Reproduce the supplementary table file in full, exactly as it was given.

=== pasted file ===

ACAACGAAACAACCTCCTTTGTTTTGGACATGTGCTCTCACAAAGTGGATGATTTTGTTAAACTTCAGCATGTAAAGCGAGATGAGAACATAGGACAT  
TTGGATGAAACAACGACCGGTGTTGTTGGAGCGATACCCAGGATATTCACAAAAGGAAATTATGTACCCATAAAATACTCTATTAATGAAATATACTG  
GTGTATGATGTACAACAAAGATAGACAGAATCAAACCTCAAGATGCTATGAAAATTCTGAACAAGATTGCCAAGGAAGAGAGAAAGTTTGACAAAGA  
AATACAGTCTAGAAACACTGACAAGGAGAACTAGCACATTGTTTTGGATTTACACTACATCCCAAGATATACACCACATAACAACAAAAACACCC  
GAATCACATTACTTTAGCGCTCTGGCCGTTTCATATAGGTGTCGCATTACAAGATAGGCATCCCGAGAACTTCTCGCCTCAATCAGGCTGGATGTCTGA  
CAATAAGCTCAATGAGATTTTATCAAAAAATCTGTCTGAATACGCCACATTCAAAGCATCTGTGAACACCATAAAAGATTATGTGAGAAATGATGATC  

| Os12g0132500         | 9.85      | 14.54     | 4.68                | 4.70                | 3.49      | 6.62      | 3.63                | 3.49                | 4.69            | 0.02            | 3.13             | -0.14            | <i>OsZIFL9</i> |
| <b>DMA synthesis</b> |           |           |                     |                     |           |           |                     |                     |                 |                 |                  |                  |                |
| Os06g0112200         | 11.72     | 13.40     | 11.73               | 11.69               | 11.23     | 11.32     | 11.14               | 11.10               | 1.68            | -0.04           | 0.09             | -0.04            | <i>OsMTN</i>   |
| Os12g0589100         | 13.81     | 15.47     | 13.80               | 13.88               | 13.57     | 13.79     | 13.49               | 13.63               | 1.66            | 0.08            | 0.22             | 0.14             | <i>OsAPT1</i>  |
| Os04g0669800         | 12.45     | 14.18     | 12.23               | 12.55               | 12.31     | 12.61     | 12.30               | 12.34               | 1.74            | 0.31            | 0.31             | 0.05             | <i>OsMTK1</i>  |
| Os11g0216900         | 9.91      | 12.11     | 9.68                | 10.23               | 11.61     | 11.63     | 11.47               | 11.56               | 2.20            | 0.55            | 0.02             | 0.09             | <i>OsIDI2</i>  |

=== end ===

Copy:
ACAACGAAACAACCTCCTTTGTTTTGGACATGTGCTCTCACAAAGTGGATGATTTTGTTAAACTTCAGCATGTAAAGCGAGATGAGAACATAGGACAT  
TTGGATGAAACAACGACCGGTGTTGTTGGAGCGATACCCAGGATATTCACAAAAGGAAATTATGTACCCATAAAATACTCTATTAATGAAATATACTG  
GTGTATGATGTACAACAAAGATAGACAGAATCAAACCTCAAGATGCTATGAAAATTCTGAACAAGATTGCCAAGGAAGAGAGAAAGTTTGACAAAGA  
AATACAGTCTAGAAACACTGACAAGGAGAACTAGCACATTGTTTTGGATTTACACTACATCCCAAGATATACACCACATAACAACAAAAACACCC  
GAATCACATTACTTTAGCGCTCTGGCCGTTTCATATAGGTGTCGCATTACAAGATAGGCATCCCGAGAACTTCTCGCCTCAATCAGGCTGGATGTCTGA  
CAATAAGCTCAATGAGATTTTATCAAAAAATCTGTCTGAATACGCCACATTCAAAGCATCTGTGAACACCATAAAAGATTATGTGAGAAATGATGATC  

| Os12g0132500         | 9.85      | 14.54     | 4.68                | 4.70                | 3.49      | 6.62      | 3.63                | 3.49                | 4.69            | 0.02            | 3.13             | -0.14            | <i>OsZIFL9</i> |
| <b>DMA synthesis</b> |           |           |                     |                     |           |           |                     |                     |                 |                 |                  |                  |                |
| Os06g0112200         | 11.72     | 13.40     | 11.73               | 11.69               | 11.23     | 11.32     | 11.14               | 11.10               | 1.68            | -0.04           | 0.09             | -0.04            | <i>OsMTN</i>   |
| Os12g0589100         | 13.81     | 15.47     | 13.80               | 13.88               | 13.57     | 13.79     | 13.49               | 13.63               | 1.66            | 0.08            | 0.22             | 0.14             | <i>OsAPT1</i>  |
| Os04g0669800         | 12.45     | 14.18     | 12.23               | 12.55               | 12.31     | 12.61     | 12.30               | 12.34               | 1.74            | 0.31            | 0.31             | 0.05             | <i>OsMTK1</i>  |
| Os11g0216900         | 9.91      | 12.11     | 9.68                | 10.23               | 11.61     | 11.63     | 11.47               | 11.56               | 2.20            | 0.55            | 0.02             | 0.09             | <i>OsIDI2</i>  |